IRP researchers develop “hibernation in a dish” to study how animals adapt to the cold

Findings may help expand window for storing organs before transplantation, therapeutic hypothermia

Researchers at the National Eye Institute have discovered cellular mechanisms that help the 13-lined ground squirrel survive hibernation. Their findings could be a step to extending storage of human donor tissues awaiting transplantation and protecting traumatic brain injury patients who undergo induced hypothermia. NEI is part of the National Institutes of Health. The findings were published in the May 3 issue of Cell.

During hibernation, the 13-lined ground squirrel endures near freezing temperatures, dramatically slowing its heart rate and respiration. How the squirrel’s tissues adapt to the cold and metabolic stress has confounded researchers.

A structure in cells known to be vulnerable to cold is the microtubule cytoskeleton. This network of small tubes within a cell provides structural support and acts as a kind of inner cellular railway system, transporting organelles and molecular complexes vital for a cell’s survival.

In a series of experiments, the research team led by Wei Li, Ph.D., a senior investigator in the NEI Retinal Neurophysiology Section and Jingxing Ou, Ph.D., a postdoctoral scientist in Li’s lab, compared cells from non-hibernators to cells from the ground squirrel to determine differences in their response to cold. They found that in ground squirrel neurons the microtubule cytoskeleton remains intact while it deteriorates in the neurons of humans and other non-hibernating animals, including rats.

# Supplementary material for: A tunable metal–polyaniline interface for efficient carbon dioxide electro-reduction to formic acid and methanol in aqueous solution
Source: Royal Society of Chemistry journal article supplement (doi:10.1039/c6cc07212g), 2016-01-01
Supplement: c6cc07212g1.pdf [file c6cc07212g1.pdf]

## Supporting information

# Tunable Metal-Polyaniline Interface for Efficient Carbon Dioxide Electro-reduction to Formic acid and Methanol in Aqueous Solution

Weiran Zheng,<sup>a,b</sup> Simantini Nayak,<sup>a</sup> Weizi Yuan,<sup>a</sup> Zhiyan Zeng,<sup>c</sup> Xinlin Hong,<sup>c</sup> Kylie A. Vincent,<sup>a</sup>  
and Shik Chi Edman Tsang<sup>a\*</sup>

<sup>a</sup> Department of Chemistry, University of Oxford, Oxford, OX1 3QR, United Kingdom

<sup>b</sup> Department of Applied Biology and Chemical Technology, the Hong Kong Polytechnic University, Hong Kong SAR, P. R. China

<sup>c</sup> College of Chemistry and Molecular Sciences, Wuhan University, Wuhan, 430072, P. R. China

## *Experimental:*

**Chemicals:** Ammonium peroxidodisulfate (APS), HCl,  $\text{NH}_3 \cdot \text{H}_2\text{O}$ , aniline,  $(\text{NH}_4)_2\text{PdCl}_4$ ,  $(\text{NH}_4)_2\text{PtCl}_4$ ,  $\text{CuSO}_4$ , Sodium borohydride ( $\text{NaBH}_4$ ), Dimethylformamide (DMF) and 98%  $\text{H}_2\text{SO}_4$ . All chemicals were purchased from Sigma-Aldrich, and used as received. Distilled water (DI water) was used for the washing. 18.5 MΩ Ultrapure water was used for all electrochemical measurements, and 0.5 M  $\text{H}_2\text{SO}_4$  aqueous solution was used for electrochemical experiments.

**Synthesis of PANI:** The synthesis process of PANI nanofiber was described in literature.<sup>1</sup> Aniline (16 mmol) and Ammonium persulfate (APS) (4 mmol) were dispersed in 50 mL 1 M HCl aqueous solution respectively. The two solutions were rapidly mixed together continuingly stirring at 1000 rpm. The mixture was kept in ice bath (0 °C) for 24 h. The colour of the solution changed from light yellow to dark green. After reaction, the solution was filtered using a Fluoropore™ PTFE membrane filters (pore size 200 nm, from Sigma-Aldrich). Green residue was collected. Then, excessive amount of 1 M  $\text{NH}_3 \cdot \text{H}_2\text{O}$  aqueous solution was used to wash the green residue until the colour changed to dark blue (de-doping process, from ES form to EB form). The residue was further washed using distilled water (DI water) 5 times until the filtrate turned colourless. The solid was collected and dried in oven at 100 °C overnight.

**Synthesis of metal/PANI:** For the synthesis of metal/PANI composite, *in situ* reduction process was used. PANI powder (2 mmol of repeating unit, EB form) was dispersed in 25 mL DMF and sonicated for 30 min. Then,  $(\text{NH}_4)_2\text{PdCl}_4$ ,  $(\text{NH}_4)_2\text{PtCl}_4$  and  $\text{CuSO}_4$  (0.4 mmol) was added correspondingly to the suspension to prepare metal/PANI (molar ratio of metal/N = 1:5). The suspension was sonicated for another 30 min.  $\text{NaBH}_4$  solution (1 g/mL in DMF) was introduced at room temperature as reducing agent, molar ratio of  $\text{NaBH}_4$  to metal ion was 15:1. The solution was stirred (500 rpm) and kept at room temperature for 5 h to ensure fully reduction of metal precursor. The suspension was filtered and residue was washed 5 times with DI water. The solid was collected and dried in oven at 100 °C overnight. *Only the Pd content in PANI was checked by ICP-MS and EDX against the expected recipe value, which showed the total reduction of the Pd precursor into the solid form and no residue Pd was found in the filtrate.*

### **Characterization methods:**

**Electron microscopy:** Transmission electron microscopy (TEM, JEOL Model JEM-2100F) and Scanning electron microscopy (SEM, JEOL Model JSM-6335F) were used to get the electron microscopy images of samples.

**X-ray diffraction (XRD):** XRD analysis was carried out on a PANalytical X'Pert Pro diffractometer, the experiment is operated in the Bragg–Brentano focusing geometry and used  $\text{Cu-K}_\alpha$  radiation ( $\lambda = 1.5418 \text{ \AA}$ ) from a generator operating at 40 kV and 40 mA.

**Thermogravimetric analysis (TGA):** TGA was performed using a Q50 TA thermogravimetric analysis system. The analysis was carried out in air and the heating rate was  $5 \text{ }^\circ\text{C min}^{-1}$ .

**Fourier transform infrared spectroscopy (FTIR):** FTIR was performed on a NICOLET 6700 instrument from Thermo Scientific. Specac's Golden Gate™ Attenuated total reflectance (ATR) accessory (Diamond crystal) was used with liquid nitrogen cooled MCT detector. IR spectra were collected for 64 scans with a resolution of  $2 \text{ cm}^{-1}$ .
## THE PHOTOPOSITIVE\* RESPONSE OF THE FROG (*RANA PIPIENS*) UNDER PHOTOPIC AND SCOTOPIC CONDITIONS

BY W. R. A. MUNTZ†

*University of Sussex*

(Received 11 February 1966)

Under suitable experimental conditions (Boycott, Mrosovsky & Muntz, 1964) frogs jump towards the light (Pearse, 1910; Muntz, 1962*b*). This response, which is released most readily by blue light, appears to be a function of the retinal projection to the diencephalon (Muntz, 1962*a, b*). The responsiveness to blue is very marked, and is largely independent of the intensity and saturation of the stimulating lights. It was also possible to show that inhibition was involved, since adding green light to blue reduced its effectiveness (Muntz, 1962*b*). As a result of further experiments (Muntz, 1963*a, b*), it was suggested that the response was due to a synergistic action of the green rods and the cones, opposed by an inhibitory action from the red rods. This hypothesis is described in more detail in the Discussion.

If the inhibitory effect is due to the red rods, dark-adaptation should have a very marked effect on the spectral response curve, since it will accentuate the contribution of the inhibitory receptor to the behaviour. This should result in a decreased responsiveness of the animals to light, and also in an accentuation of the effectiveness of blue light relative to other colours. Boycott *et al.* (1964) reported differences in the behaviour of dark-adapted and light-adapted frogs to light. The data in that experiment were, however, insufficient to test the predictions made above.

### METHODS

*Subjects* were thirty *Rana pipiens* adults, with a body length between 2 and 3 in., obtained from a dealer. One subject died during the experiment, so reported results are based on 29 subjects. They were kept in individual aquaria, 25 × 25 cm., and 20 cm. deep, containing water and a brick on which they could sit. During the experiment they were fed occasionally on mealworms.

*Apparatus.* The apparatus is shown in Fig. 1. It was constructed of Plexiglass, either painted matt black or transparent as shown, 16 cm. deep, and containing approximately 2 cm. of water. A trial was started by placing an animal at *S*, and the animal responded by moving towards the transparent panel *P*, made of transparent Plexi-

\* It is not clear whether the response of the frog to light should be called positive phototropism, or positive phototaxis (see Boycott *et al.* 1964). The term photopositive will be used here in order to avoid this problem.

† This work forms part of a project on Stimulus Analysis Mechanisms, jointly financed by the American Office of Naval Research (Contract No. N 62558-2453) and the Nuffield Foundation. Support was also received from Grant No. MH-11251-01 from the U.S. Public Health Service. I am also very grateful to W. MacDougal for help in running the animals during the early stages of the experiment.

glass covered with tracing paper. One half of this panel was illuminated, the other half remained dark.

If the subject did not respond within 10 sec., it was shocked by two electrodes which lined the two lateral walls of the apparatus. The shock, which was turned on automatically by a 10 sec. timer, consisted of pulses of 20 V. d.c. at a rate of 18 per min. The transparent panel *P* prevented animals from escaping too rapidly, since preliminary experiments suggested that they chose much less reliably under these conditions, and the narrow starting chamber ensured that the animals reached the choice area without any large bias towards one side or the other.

“By understanding the biology of cold adaptation in hibernation, we may be able to improve and broaden the applications of induced hypothermia in the future, and perhaps prolong the viability of organs prior to transplantation,” Li said. “Kidneys, for example, are typically stored for no more than 30 hours. After that, the tissue starts to deteriorate, impairing the organ’s ability to function properly after its been rewarmed and reperfused. Heart, lungs and livers have an even shorter shelf life.”

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This page was last updated on Friday, January 21, 2022